Maybe Starbucks is on to something. The Parable Group, a marketing consortium for some 223 independent Christian bookstores, in the belief that a consistent presentation of product reassures the consumer, is moving to franchising and national branding. Parable members can participate in the franchise program—which will offer corporate training, advertising and other services—or they can opt to continue with just the current program. Stores that do participate will have the choice of changing their name to Parable or combining Parable with their store name.

The program aims to bolster Christian indies, which, like their trade brethren, are increasingly endangered by competition from the major chains, warehouse clubs, online retailers and Christian chains.

Apparently not all Parable members are thrilled with the decision to franchise. Since the beginning of the year, "at least six" Parable stores have jumped to rival Munce Marketing Group, according to Munce COO Kirk Blank, who emphasized that the primary reason for the exodus was not wanting to participate in franchising. Munce, which now has 596 independent stores in its marketing consortium—up by nearly 100 stores in the past three years—provides services similar to Parable's. Blank said Munce aims to add 250 to 300 stores in the next three years; the group is being particularly aggressive in proselytizing Hispanic and African-American Christian consumers.

Still, many longtime Parable members are on board for the new venture. Jim Kregel, president of Kregel Inc. and owner of three Kregel Bookstores in the Grand Rapids, Mich., area, said that franchising is the current trend. "If you go on a trip and pull over for a meal, and you see Pat's Diner or the Olive Garden, you're going to choose the Olive Garden. You know the level of service and the product you're getting." Kregel's stores will adopt a hybrid store name by May of this year, with signage reading "Kregel: Parable Christian Stores."

Despite the success of franchising in many other areas of retailing, bookstore franchising in the U.S. remains as rare as a Gutenberg Bible. Parable's main franchise competitor is Lemstone, which has some 32 franchised Christian bookstores. In general book retailing, near-defunct Little Professor was the only long-lasting franchising program of recent years.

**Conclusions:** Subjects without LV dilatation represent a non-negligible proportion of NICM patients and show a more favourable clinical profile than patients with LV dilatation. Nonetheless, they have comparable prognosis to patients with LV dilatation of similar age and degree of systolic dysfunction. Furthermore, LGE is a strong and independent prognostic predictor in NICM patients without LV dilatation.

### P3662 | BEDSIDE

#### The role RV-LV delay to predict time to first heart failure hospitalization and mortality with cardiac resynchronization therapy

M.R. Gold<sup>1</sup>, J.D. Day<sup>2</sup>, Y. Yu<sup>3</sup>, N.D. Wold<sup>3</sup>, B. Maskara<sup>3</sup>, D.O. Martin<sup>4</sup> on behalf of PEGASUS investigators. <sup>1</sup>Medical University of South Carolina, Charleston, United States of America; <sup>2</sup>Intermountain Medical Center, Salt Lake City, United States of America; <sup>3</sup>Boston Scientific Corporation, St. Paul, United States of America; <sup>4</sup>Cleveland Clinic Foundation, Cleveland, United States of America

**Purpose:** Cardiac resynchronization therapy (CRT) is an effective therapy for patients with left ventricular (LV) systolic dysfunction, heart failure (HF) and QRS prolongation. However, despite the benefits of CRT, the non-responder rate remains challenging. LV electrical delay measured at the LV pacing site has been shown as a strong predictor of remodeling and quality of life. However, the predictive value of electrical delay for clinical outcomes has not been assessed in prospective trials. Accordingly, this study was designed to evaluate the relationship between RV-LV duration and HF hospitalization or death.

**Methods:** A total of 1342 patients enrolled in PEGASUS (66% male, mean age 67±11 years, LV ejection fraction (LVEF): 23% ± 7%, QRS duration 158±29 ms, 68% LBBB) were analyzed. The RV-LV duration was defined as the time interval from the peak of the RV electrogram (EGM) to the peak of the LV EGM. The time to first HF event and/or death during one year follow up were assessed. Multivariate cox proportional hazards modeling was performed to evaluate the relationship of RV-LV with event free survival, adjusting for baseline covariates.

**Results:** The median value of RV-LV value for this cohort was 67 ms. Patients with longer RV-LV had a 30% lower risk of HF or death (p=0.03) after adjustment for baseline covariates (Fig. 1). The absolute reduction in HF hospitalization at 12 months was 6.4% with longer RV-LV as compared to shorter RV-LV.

After the franchise conversions are underway, Parable will start to open Parable stores in untapped markets. New franchisees will receive "store-in-a-box" treatment, with turnkey systems, signage, fixtures, training from Parable staff and access to Parable's extensive marketing data, which tracks individual consumers' purchases and responses to coupons and catalogues. Several years down the road, Parable plans to place kiosks in large churches across the nation. Parable is aiming eventually to have 1,500 Parable retail franchisees, including kiosks. "It's not an unrealistic number if the church store component is there," said Parable founder and CEO Steve Potratz.

Parable has hired a branding consultant—the same firm that created the Saturn brand—to research consumer tastes and explore how Parable can position itself as a national brand. Parable is also joining with Multnomah Publishers in national radio spots that are part of Multnomah's ParableBig Change Moments program. On this program, CBA authors like Bruce Wilkinson, Ryan Dobson, Joni Eareckson Tada and Henry Blackaby talk about their books in 60-second radio spots that are heard by an estimated 40 million listeners per week on more than 800 radio stations.

The Parable Group was born in 1985, when another independent Christian retailer stopped by Potratz's Christian store in San Luis Obispo, Calif., and was so impressed by Potratz's sophisticated marketing that he asked Potratz to do a catalogue for him. Twenty years and 319 million catalogues later, Parable offers a variety of services to Christian indies.

Potratz said he believes the branding and franchising efforts will help independent Christian stores thrive in the current retail climate. "The brand always wins," he said. "Unity will allow us to have competitive prices. When we buy together from a single inventory source, that's cheaper and more efficient. On the other hand, having stores be locally owned means that stores can maintain their own personalities and adjust their orders based on the local market. Stores can remain independent while having the trust, values and rewards that come with being a big chain."